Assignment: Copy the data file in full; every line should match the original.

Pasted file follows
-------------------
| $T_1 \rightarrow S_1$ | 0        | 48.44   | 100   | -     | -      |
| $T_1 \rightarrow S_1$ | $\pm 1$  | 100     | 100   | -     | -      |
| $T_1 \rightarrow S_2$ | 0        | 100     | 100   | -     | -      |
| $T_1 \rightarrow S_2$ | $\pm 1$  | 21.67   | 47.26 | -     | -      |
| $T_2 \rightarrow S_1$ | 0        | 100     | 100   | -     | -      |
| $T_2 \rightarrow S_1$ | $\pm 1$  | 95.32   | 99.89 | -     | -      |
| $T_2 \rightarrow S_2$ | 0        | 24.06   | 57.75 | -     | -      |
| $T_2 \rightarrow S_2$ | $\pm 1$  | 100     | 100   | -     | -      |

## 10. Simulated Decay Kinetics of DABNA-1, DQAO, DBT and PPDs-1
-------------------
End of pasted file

| $T_1 \rightarrow S_1$ | 0        | 48.44   | 100   | -     | -      |
| $T_1 \rightarrow S_1$ | $\pm 1$  | 100     | 100   | -     | -      |
| $T_1 \rightarrow S_2$ | 0        | 100     | 100   | -     | -      |
| $T_1 \rightarrow S_2$ | $\pm 1$  | 21.67   | 47.26 | -     | -      |
| $T_2 \rightarrow S_1$ | 0        | 100     | 100   | -     | -      |
| $T_2 \rightarrow S_1$ | $\pm 1$  | 95.32   | 99.89 | -     | -      |
| $T_2 \rightarrow S_2$ | 0        | 24.06   | 57.75 | -     | -      |
| $T_2 \rightarrow S_2$ | $\pm 1$  | 100     | 100   | -     | -      |

## 10. Simulated Decay Kinetics of DABNA-1, DQAO, DBT and PPDs-1